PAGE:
Tell patients that if they miss a dose, they should take it later in the same day, but not to double the dose on the following day.
Tell female patients of childbearing potential about the consequences of exposure to Edarbyclor during pregnancy. Discuss treatment options with women planning to become pregnant. Tell patients to report pregnancies to their physicians as soon as possible.
Advise patients to report light-headedness. Advise patients, if syncope occurs, to have someone call the doctor or seek medical attention, and to discontinue Edarbyclor.
Inform patients that dehydration from excessive perspiration, vomiting, or diarrhea may lead to an excessive fall in blood pressure. Inform patients to consult with their healthcare provider if these symptoms occur.
Inform patients with renal impairment that they should receive periodic blood tests to monitor their renal function while taking Edarbyclor.
Have patients report gout symptoms.
Carcinogenesis, Mutagenesis, Impairment of Fertility
No carcinogenicity, mutagenicity, or fertility studies have been conducted with the combination of azilsartan medoxomil and chlorthalidone. However, these studies have been conducted for azilsartan medoxomil alone.
Carcinogenesis: Azilsartan medoxomil was not carcinogenic when assessed in 26-week transgenic (Tg.rasH2) mouse and 2-year rat studies. The highest doses tested (450 mg azilsartan medoxomil/kg/day in the mouse and 600 mg azilsartan medoxomil/kg/day in the rat) produced exposures to azilsartan that are 12 (mice) and 27 (rats) times the average exposure to azilsartan in humans given the maximum recommended human dose (MRHD, 80 mg azilsartan medoxomil/day). M-II was not carcinogenic when assessed in 26-week Tg.rasH2 mouse and 2-year rat studies. The highest doses tested (approximately 8000 mg M-II/kg/day (males) and 11,000 mg M-II/kg/day (females) in the mouse and 1000 mg M-II/kg/day (males) and up to 3000 mg M-II/kg/day (females) in the rat) produced exposures that are, on average, about 30 (mice) and 7 (rats) times the average exposure to M-II in humans at the MRHD.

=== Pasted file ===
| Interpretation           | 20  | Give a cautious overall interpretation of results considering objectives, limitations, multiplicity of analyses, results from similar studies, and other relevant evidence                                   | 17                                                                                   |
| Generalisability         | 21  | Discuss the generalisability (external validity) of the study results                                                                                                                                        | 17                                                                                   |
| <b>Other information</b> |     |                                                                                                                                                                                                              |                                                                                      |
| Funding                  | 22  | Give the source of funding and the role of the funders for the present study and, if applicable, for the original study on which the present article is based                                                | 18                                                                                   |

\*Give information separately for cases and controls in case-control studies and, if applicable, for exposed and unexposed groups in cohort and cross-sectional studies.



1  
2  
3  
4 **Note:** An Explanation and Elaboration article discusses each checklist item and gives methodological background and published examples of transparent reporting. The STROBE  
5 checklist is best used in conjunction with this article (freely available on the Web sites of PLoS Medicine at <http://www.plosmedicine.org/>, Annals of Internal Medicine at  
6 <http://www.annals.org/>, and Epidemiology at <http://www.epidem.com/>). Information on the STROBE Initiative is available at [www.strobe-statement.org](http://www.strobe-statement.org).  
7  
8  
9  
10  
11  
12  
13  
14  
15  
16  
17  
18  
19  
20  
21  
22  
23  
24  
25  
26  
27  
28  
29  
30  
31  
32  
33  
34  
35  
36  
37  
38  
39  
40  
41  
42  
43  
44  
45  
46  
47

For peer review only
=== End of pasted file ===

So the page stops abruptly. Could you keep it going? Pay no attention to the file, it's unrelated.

Mutagenesis: Azilsartan medoxomil, azilsartan, and M-II were positive for structural aberrations in the Chinese Hamster Lung Cytogenic Assay. In this assay, structural chromosomal aberrations were observed with the prodrug, azilsartan medoxomil, without metabolic activation. The active moiety, azilsartan, was also positive in this assay both with and without metabolic activation. The major human metabolite, M-II was also positive in this assay during a 24-hr assay without metabolic activation.
Azilsartan medoxomil, azilsartan, and M-II were devoid of genotoxic potential in the Ames reverse mutation assay with Salmonella typhimurium and Escherichia coli, the in vitro Chinese Hamster Ovary Cell forward mutation assay, the in vitro mouse lymphoma (tk) gene mutation test, the ex vivo unscheduled DNA synthesis test, and the in vivo mouse and/or rat bone marrow micronucleus assay.
Impairment of Fertility: There was no effect of azilsartan medoxomil on the fertility of male or female rats at oral doses of up to 1000 mg azilsartan medoxomil/kg/day [6000 mg/m² (approximately 122 times the MRHD of 80 mg azilsartan medoxomil/60 kg on a mg/m² basis)]. Fertility of rats also was unaffected at doses of up to 3000 mg M-II/kg/day.
Use In Specific Populations
Pregnancy Category D